In founding IT Insights, Sirianni wanted to move away from a model that he felt was exploiting customers. Over the years he noticed the industry shifting into a buffet style of pricing. “So you pay a flat fee and they take care of everything . . . a huge flat fee,” he adds. “And to me, that just felt very scammy.” Sirianni explains that different companies need different services. Take cybersecurity, for example: “depending on your business, it could literally be nothing. And if they’re paying an exorbitant fee, they’re going to be really pissed about that. Or you’re going to be absolutely inundated, and you’re losing on that contract every month.” Instead, IT Insights works with businesses to figure out their needs and then bills them just for those services. “So, it’s really just keeping things transparent and honest, which has always been my thing. My clients understand what they’re paying for, what they’re getting.”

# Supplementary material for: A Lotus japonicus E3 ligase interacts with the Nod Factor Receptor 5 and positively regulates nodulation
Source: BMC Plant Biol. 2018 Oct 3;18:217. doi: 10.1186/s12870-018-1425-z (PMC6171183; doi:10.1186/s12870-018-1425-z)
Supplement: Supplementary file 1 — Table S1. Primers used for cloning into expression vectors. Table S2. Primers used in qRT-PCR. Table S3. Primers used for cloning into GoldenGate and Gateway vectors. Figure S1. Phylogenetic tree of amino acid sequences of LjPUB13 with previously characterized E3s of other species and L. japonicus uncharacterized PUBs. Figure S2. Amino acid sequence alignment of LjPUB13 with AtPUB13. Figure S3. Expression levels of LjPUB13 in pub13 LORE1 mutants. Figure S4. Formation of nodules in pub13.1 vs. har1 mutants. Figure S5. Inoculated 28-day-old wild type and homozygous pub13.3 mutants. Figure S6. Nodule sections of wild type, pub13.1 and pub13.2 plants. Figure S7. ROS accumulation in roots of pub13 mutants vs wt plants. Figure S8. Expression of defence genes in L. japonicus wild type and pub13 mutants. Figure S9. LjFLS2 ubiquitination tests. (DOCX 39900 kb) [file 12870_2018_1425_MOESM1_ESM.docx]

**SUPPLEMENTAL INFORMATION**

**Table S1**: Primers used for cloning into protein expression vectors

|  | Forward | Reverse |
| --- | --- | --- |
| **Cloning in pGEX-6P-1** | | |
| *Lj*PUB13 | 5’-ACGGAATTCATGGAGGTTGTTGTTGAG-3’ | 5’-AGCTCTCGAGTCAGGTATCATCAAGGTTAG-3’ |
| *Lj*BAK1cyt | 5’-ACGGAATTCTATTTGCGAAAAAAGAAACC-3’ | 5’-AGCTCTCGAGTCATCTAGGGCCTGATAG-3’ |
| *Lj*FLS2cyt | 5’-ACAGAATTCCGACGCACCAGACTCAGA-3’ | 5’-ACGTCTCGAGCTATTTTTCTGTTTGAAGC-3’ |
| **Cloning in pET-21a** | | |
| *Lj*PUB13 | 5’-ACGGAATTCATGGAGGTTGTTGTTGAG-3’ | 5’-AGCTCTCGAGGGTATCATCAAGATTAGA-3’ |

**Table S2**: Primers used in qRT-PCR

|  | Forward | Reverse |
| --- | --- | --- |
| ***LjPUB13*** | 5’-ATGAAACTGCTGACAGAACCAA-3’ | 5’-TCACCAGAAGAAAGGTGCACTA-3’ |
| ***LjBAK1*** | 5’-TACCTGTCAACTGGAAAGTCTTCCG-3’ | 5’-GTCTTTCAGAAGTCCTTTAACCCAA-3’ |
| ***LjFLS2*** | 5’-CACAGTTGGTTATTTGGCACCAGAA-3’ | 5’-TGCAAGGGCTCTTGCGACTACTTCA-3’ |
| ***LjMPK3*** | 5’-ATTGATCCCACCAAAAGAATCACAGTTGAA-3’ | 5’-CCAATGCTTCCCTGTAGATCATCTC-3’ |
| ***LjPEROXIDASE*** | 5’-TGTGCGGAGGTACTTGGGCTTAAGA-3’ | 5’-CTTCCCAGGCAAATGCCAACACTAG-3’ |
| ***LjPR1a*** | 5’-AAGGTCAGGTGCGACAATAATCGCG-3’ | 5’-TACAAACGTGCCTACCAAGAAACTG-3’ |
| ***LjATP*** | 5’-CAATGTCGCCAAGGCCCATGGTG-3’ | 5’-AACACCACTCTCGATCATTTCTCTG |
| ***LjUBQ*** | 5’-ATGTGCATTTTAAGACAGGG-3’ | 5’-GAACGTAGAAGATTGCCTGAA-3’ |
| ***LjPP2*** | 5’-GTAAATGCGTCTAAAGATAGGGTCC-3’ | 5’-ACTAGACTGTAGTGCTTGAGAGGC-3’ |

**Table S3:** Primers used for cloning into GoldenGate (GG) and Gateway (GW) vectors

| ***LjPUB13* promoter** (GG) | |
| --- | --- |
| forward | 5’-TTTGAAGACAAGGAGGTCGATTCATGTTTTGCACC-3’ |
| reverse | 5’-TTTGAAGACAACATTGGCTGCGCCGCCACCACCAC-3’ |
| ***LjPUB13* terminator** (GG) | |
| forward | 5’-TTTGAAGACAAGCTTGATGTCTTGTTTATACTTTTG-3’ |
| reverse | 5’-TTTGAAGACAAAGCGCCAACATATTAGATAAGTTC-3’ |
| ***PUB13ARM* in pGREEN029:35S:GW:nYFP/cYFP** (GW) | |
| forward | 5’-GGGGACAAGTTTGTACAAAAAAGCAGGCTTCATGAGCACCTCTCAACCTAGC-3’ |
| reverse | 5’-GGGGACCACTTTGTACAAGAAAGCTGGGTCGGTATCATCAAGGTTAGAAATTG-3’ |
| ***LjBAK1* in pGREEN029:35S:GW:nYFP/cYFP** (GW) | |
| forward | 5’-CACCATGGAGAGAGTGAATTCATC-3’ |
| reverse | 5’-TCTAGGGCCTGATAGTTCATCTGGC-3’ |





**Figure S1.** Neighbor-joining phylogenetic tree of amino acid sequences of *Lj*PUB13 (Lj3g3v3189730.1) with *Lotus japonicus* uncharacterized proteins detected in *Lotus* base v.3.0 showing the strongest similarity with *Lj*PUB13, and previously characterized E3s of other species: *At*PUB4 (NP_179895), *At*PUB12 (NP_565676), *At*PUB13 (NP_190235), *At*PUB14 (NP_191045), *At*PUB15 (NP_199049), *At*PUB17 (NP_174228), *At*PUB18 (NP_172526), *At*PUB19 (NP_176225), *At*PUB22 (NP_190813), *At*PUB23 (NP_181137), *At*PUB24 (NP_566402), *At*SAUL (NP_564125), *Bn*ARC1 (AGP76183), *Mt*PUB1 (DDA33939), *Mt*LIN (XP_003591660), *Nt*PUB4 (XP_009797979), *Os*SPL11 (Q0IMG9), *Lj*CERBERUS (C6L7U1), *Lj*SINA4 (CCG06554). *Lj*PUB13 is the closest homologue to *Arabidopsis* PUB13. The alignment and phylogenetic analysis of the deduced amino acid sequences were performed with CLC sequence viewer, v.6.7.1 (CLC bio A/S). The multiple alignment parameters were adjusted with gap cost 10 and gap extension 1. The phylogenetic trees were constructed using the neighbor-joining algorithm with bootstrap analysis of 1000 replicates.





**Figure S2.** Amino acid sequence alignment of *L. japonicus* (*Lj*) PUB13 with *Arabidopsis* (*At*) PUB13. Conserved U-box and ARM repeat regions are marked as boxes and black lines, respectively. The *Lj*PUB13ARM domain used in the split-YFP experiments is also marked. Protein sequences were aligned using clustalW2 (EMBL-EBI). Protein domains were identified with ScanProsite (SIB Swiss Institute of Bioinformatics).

As a kid, Sirianni was an introvert, drawn to the isolated nature of working in IT. “Not having to deal with people, just go manage servers, and that’s it,” he says. “And then, very quickly, that all kind of changed.” Although still not quite a center-of-attention partygoer, Sirianni has developed an appreciation of people and enjoys socializing. “What started as not wanting to deal with and be around people, has turned into one of my favorite parts of the job.” He brings this perspective into interviews, looking for personality and people skills in new hires. “Ability to learn, personality, and energy,” he lists. “Because if they can talk to people and learn, I can teach them the tech. That part’s easy. But it’s difficult to teach someone how to interact with people.”